Mathew Jonson, the Berlin-based British Columbia native, has been a recurring musician at Montreal's Mutek for the last 12 years. Undeniably, his recurring role at the festival is due to his ability to address their mandate year after year. Jonson is an artist operating at the leading edge of technology, music, and live performance—just like MUTEK.
Outside of his own venerated live act, Jonson operates with an array of other acts, including the Modern Deep Left Quartet, Midnight Operator, a live act with Minilogue, and Cobblestone Jazz. With his hands in many pots, Jonson is still able to uphold a distinctive sound, one that emits from each of his projects. THUMP recently caught up with Jonson, who happily shed some light on his use of hardware both in and out of the studio and his desire to perform live.
While discussing the evolution of digital instruments—one of the typical topics at MUTEK—it was clear that Johnson has a much broader and deeper understanding than most. "The lines of analog and digital are really blurred now. With technology, it's possible to create the same warmth in sound as with digital. The sound quality is there," explains Jonson. "To be honest, I don't see this changing in the near future. I highly doubt that we're going to see computer technology that is quick enough to be able to play digital instruments as though they were acoustic or analog."
His points are sound, but in the end, it all comes down to what you personally want out of the equipment. Jonson understands that he's a rare breed of live performer. "Not everybody plays instruments like I do. It really depends on your style," he explains. Using a set-up that most people would need three hands and years of practice to master, Jonson has still yet to change his live show's equipment. "I have two drum machines, a MIDI controller, a soundcard, a 24-channel mixer, a Roland SH-101, and a couple effects. I play with the exact same rig for all the groups, minus the computer with them," says Jonson.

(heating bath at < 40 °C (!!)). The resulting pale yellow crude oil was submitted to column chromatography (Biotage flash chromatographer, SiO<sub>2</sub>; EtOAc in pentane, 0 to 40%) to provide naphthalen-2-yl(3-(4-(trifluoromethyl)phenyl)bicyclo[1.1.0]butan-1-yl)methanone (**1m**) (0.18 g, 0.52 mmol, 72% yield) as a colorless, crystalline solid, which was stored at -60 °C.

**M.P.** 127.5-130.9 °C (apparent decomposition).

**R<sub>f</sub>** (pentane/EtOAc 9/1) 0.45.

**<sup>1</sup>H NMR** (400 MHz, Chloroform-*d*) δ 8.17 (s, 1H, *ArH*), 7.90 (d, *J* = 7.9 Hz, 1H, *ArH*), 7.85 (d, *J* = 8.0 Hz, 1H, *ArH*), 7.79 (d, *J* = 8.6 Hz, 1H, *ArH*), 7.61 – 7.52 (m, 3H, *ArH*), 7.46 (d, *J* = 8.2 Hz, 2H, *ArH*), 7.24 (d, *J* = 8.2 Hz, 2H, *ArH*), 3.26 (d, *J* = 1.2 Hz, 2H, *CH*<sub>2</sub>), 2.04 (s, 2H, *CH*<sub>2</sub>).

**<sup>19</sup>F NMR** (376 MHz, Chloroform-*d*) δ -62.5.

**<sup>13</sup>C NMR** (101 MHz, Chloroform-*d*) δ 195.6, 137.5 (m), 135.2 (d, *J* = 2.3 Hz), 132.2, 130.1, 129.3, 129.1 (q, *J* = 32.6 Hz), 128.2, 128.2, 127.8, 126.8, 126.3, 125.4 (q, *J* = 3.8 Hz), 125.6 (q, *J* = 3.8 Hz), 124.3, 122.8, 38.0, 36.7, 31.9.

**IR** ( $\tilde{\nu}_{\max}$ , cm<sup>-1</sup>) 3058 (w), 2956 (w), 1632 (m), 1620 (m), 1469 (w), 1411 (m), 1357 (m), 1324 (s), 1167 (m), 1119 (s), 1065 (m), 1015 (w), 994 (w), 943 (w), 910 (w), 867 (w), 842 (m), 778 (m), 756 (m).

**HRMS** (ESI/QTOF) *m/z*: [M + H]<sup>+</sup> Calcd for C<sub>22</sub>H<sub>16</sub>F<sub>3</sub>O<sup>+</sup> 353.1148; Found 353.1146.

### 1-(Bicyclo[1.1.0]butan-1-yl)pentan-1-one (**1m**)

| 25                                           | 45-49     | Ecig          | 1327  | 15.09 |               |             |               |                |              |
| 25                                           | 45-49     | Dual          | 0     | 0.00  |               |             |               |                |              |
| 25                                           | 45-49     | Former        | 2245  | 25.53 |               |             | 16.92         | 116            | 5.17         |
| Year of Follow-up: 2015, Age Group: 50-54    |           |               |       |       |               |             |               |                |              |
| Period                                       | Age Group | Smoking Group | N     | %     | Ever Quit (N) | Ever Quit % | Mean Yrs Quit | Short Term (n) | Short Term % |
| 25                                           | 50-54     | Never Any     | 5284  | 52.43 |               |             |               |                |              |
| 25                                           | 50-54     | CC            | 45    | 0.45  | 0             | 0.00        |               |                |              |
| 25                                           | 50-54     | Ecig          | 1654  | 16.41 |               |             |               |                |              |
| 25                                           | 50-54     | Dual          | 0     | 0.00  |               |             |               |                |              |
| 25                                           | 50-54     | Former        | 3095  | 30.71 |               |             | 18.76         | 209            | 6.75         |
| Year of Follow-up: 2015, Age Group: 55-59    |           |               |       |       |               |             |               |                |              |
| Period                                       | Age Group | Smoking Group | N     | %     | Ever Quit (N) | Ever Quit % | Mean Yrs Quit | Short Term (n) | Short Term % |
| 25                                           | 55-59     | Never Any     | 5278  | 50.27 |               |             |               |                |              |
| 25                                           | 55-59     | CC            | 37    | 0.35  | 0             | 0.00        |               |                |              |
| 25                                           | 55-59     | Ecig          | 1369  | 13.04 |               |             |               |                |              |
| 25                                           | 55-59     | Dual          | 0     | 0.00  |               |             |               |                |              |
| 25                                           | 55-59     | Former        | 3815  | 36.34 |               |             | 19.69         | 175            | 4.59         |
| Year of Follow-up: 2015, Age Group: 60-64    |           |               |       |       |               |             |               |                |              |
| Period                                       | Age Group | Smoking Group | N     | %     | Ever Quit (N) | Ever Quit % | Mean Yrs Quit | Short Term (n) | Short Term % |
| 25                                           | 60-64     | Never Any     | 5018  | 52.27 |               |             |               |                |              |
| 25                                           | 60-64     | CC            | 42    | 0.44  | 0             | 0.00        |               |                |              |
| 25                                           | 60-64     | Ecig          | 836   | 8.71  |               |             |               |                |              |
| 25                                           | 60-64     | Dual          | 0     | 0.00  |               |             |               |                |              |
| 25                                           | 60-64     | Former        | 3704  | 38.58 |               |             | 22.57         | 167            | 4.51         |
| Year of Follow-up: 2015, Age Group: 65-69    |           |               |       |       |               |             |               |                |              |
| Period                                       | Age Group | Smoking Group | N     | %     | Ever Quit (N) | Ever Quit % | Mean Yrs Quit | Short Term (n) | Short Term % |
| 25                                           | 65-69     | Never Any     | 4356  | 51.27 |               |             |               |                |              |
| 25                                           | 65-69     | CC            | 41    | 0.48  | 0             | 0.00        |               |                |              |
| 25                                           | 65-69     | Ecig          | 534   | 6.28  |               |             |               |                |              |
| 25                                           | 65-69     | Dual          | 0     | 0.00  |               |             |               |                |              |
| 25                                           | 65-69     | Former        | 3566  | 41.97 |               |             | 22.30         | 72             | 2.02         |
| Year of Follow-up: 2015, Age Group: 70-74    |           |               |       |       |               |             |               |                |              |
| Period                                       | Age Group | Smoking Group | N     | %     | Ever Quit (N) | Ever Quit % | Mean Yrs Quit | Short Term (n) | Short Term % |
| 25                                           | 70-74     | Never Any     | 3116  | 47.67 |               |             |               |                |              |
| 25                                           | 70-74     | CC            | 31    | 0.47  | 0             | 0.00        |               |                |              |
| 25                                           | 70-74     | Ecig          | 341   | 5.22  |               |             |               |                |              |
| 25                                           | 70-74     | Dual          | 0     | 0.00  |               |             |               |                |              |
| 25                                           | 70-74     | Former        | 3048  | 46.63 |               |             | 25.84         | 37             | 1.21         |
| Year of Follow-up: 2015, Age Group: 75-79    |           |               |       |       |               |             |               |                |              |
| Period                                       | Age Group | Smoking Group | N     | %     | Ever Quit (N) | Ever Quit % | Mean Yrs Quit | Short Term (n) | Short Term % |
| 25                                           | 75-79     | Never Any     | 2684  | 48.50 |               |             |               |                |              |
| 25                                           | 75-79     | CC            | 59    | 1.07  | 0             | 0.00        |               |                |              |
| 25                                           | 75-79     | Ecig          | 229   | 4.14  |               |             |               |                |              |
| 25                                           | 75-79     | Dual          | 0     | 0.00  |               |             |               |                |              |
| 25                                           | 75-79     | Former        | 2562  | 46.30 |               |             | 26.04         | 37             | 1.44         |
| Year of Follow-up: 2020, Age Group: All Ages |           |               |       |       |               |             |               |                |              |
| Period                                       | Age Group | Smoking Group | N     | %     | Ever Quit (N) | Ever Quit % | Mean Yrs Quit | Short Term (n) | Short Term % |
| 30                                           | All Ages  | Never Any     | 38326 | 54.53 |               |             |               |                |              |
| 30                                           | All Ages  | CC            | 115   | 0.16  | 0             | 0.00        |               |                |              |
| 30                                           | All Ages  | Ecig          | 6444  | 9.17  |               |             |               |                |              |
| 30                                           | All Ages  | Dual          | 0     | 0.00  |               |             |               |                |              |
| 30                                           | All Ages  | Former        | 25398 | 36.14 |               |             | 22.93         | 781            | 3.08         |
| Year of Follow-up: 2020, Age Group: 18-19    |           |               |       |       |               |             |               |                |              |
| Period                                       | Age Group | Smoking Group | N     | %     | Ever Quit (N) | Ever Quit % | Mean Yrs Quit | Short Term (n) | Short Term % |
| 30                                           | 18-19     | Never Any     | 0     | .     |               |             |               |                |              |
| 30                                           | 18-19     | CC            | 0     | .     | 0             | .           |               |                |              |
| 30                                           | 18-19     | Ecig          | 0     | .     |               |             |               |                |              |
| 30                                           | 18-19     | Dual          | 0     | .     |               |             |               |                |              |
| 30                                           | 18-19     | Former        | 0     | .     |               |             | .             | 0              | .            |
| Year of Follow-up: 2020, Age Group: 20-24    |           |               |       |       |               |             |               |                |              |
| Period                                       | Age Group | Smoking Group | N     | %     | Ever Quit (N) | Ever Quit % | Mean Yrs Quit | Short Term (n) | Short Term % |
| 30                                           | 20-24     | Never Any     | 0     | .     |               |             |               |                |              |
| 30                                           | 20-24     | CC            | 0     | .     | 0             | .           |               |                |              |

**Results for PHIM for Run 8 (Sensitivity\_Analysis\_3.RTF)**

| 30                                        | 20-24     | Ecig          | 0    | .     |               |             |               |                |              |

The most mind-boggling aspect of Jonson's artistic character is the fact that each show is 100 percent, in all interpretations of the term, live. Or in his words, "all completely improvised." As primarily a live performer, every time Jonson performs you're bound to hear something you've never heard before because, well, that's his plan. As techno lends itself easily to the art of DJing, Jonson depends instead on improvisation. This ability to improvise full sets has come from a tremendous amount of experience and practice, but also the will to bring his beloved hardware on stage.
Bringing it back to Mutek, which is rooted in an onslaught of live performances, it's simply in Jonson's nature to attend. "I think as far as Canadian festivals go it is definitely the forefront. There has always been a side of art and education involved in the festival, which you don't find at a lot of other places," he says. "The fact that it's focused on live performance is unique worldwide. Most festivals in this genre of music are mainly focused on DJs. So it's refreshing to come to one where you can go out and the majority of people you see are playing live. Watching someone perform live is very different from watching most DJs."
As we look to the future, Jonson makes mention of yet another project, one that's completely comprised of Canadians. "There is an album that's finished between Hreno, The Mole, and myself under a project called The Dog Years. It will be more of a psychedelic thing," reveals Jonson. "We're not sure where it will come out, but we've been talking to Crosstown Rebels a bit about it. Hopefully, it will be out by the end of the year." With his rig in tow, Jonson is continuing to tour the world while supporting his analog improvisation and his unending quest of hardware hunting.Twitter.